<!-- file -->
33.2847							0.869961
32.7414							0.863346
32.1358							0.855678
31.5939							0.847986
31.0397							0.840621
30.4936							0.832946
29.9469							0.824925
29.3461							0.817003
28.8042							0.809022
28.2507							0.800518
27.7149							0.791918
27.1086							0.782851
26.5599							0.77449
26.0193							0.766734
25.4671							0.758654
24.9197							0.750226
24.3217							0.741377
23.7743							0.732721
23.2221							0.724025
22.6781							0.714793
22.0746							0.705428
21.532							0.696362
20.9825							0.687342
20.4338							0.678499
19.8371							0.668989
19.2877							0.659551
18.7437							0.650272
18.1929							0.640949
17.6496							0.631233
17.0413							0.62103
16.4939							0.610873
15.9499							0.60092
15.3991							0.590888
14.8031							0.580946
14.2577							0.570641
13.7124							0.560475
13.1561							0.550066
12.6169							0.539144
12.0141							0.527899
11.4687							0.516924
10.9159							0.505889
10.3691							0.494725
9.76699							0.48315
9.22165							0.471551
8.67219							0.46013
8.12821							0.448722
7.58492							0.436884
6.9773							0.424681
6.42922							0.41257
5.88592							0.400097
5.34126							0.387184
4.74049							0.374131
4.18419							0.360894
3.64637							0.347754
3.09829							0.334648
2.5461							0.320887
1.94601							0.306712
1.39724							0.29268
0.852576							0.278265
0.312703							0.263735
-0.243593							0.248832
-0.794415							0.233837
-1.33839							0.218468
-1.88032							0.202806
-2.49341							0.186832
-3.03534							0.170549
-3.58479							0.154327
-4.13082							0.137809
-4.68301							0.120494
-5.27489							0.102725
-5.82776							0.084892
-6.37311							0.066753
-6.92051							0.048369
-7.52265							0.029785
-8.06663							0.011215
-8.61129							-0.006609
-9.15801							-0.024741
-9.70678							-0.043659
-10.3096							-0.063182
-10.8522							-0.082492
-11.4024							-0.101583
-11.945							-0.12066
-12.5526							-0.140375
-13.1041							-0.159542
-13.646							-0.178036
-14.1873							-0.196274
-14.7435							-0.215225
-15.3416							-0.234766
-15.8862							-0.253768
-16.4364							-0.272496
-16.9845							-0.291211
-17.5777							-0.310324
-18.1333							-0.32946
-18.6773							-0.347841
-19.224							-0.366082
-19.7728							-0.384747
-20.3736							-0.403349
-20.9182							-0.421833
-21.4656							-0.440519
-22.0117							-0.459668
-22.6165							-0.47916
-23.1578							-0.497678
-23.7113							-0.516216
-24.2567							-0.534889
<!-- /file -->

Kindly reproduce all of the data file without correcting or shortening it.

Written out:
33.2847							0.869961
32.7414							0.863346
32.1358							0.855678
31.5939							0.847986
31.0397							0.840621
30.4936							0.832946
29.9469							0.824925
29.3461							0.817003
28.8042							0.809022
28.2507							0.800518
27.7149							0.791918
27.1086							0.782851
26.5599							0.77449
26.0193							0.766734
25.4671							0.758654
24.9197							0.750226
24.3217							0.741377
23.7743							0.732721
23.2221							0.724025
22.6781							0.714793
22.0746							0.705428
21.532							0.696362
20.9825							0.687342
20.4338							0.678499
19.8371							0.668989
19.2877							0.659551
18.7437							0.650272
18.1929							0.640949
17.6496							0.631233
17.0413							0.62103
16.4939							0.610873
15.9499							0.60092
15.3991							0.590888
14.8031							0.580946
14.2577							0.570641
13.7124							0.560475
13.1561							0.550066
12.6169							0.539144
12.0141							0.527899
11.4687							0.516924
10.9159							0.505889
10.3691							0.494725
9.76699							0.48315
9.22165							0.471551
8.67219							0.46013
8.12821							0.448722
7.58492							0.436884
6.9773							0.424681
6.42922							0.41257
5.88592							0.400097
5.34126							0.387184
4.74049							0.374131
4.18419							0.360894
3.64637							0.347754
3.09829							0.334648
2.5461							0.320887
1.94601							0.306712
1.39724							0.29268
0.852576							0.278265
0.312703							0.263735
-0.243593							0.248832
-0.794415							0.233837
-1.33839							0.218468
-1.88032							0.202806
-2.49341							0.186832
-3.03534							0.170549
-3.58479							0.154327
-4.13082							0.137809
-4.68301							0.120494
-5.27489							0.102725
-5.82776							0.084892
-6.37311							0.066753
-6.92051							0.048369
-7.52265							0.029785
-8.06663							0.011215
-8.61129							-0.006609
-9.15801							-0.024741
-9.70678							-0.043659
-10.3096							-0.063182
-10.8522							-0.082492
-11.4024							-0.101583
-11.945							-0.12066
-12.5526							-0.140375
-13.1041							-0.159542
-13.646							-0.178036
-14.1873							-0.196274
-14.7435							-0.215225
-15.3416							-0.234766
-15.8862							-0.253768
-16.4364							-0.272496
-16.9845							-0.291211
-17.5777							-0.310324
-18.1333							-0.32946
-18.6773							-0.347841
-19.224							-0.366082
-19.7728							-0.384747
-20.3736							-0.403349
-20.9182							-0.421833
-21.4656							-0.440519
-22.0117							-0.459668
-22.6165							-0.47916
-23.1578							-0.497678
-23.7113							-0.516216
-24.2567							-0.534889